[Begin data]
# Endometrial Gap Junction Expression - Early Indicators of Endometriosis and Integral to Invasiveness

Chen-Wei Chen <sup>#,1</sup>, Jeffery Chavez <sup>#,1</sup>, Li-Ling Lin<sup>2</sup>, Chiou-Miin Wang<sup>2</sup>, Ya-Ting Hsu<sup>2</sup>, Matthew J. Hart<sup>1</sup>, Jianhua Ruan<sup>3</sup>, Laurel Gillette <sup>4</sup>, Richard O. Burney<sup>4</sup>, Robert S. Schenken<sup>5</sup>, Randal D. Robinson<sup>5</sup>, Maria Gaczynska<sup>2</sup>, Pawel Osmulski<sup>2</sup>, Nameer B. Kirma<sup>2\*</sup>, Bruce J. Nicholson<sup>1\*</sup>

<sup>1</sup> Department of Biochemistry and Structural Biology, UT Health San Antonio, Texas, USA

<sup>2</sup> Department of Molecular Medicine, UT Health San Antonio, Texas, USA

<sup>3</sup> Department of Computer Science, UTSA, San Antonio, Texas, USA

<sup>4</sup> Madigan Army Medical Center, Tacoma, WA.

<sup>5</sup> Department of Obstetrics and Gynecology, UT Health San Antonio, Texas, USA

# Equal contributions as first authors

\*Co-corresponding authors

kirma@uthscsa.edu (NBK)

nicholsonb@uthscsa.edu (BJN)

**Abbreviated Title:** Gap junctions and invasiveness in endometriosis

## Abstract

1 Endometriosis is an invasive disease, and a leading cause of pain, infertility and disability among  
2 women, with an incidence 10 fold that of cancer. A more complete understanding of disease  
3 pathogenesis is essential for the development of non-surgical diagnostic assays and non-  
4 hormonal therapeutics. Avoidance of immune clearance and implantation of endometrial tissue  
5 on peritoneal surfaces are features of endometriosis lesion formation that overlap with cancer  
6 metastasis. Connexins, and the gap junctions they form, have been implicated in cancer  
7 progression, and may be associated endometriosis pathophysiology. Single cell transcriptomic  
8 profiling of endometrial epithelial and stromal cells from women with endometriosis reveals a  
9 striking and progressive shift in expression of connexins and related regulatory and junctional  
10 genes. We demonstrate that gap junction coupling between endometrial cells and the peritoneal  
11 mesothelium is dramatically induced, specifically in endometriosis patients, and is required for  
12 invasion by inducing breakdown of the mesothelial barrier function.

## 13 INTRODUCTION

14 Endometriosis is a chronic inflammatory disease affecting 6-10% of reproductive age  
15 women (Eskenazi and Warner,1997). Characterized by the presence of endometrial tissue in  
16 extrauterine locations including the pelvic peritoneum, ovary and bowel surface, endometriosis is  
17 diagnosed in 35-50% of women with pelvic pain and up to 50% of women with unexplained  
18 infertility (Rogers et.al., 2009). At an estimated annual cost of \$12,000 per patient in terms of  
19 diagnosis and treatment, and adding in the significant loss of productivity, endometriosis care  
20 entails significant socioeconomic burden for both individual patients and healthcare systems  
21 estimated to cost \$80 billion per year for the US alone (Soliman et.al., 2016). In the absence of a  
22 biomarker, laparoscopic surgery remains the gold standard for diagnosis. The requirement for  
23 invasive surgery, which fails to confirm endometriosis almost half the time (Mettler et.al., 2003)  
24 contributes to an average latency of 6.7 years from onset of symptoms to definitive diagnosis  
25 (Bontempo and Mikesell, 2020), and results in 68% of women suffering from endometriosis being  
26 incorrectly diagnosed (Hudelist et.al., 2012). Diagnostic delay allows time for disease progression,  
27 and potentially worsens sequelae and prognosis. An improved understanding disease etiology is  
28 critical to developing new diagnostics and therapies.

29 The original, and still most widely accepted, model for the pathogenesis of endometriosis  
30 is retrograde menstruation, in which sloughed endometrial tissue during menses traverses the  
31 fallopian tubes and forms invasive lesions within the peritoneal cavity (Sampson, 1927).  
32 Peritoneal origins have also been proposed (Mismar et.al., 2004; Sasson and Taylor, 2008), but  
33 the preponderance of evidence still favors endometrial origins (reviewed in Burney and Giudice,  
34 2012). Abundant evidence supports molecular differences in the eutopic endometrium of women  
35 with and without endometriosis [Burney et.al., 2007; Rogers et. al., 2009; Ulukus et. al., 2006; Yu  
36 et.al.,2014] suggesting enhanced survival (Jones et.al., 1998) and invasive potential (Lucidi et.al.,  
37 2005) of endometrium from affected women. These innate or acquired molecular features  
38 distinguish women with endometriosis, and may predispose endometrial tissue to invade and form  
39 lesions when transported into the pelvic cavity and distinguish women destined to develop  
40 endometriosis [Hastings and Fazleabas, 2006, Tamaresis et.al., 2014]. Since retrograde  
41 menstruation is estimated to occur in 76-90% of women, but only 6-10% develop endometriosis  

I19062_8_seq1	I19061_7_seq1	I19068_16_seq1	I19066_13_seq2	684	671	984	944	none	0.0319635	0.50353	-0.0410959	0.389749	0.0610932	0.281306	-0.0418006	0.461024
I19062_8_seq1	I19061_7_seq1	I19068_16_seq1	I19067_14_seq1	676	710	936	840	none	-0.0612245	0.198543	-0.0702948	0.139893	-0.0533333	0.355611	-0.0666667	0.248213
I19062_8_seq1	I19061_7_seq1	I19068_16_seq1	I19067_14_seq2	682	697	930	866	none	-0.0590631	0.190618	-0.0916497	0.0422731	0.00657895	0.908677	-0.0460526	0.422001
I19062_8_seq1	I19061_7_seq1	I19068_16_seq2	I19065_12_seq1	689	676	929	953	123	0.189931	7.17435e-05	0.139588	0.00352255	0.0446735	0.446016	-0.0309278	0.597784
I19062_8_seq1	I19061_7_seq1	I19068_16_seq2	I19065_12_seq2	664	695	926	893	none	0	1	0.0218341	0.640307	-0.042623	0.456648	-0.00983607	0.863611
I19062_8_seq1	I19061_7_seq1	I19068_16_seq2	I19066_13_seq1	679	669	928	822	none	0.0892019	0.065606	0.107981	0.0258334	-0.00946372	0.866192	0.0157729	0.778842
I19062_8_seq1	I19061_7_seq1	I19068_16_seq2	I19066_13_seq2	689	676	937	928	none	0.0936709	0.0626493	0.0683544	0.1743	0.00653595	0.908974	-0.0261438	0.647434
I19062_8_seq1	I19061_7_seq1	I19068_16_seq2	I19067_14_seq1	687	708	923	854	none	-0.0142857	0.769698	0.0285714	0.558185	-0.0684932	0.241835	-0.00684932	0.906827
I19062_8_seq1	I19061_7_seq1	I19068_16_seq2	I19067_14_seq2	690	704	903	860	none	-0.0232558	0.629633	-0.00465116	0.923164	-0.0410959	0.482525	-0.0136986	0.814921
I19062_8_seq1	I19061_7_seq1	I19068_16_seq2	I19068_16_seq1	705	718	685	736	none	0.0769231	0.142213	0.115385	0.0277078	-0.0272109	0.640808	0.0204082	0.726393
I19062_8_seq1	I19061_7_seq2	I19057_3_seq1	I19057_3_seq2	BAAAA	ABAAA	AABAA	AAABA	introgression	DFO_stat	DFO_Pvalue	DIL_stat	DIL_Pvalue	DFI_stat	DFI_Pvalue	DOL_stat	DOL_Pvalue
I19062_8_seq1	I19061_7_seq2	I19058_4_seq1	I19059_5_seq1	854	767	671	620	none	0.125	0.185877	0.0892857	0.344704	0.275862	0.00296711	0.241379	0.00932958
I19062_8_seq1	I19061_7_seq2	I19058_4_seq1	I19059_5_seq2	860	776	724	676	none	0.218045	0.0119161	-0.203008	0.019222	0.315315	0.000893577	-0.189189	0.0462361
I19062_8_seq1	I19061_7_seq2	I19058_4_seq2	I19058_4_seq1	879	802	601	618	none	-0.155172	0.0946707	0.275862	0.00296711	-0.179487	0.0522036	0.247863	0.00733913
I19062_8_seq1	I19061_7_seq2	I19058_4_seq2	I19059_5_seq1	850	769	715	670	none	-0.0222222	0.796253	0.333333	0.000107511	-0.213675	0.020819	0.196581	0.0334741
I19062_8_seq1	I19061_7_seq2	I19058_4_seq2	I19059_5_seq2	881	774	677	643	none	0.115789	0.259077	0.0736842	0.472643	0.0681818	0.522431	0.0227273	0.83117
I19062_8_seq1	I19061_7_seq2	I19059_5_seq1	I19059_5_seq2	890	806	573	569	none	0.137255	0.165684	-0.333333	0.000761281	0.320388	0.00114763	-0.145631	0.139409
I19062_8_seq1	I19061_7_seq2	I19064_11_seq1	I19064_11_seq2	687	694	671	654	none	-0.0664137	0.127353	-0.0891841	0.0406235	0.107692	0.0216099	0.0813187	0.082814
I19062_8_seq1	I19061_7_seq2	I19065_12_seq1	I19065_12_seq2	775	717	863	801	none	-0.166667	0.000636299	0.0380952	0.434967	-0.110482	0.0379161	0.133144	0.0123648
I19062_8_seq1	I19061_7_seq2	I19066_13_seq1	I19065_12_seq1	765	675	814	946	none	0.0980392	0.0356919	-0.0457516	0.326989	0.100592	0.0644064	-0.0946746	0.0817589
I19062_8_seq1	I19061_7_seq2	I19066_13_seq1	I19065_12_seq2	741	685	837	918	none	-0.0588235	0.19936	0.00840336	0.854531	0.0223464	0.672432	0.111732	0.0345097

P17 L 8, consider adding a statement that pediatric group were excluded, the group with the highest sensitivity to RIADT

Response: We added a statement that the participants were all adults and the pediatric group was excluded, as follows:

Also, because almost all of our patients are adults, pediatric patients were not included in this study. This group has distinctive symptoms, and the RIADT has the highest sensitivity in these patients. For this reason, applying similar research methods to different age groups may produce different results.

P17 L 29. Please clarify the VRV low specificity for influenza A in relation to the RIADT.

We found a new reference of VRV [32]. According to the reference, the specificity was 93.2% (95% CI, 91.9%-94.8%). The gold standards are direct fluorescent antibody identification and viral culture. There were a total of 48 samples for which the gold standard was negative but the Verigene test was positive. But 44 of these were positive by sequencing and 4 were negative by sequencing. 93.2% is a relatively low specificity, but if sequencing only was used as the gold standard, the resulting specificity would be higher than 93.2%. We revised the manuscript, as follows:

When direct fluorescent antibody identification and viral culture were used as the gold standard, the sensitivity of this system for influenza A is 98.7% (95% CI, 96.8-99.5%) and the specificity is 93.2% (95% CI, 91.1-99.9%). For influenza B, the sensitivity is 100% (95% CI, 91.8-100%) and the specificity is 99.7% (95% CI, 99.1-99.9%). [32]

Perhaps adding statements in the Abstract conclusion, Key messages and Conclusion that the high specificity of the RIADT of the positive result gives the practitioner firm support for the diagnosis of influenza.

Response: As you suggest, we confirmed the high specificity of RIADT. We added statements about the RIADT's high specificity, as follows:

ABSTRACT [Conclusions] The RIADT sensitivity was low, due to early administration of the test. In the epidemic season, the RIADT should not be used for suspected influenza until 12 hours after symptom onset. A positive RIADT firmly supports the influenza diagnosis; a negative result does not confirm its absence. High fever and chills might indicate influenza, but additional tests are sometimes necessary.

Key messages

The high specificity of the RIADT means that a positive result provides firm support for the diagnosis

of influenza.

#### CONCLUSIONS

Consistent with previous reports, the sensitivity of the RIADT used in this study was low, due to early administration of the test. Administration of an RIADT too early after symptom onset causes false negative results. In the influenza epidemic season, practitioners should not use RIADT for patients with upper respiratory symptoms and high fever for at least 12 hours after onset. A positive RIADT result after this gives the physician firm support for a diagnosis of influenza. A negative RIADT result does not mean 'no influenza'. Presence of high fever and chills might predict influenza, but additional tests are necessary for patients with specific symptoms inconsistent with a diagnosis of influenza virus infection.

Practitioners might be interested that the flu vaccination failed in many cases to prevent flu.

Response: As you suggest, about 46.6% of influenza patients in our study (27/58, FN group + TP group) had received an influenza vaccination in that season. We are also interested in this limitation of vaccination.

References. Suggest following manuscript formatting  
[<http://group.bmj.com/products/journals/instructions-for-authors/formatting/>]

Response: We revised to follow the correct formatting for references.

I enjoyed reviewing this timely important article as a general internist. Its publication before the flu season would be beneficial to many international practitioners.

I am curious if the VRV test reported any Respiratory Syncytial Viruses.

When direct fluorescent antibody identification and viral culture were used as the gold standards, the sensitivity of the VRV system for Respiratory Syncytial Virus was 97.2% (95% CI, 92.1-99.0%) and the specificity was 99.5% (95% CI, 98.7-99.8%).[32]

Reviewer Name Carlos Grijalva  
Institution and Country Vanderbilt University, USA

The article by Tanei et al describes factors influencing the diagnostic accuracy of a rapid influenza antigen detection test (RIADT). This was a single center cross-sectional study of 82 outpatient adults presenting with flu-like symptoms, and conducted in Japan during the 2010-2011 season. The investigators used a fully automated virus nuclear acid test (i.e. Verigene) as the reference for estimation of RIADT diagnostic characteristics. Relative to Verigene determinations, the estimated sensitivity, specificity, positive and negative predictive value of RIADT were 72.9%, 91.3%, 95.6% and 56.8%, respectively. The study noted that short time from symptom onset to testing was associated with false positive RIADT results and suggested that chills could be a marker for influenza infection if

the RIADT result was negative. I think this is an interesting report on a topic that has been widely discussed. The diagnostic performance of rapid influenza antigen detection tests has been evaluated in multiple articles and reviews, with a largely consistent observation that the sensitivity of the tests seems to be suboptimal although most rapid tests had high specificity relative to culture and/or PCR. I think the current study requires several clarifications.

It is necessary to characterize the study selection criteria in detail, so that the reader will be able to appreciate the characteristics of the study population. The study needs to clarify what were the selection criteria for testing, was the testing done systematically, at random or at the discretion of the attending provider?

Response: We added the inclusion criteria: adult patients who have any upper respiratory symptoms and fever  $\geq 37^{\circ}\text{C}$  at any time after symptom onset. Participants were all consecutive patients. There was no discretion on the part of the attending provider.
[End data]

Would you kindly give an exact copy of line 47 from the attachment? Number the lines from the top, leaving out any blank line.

34 2012). Abundant evidence supports molecular differences in the eutopic endometrium of women  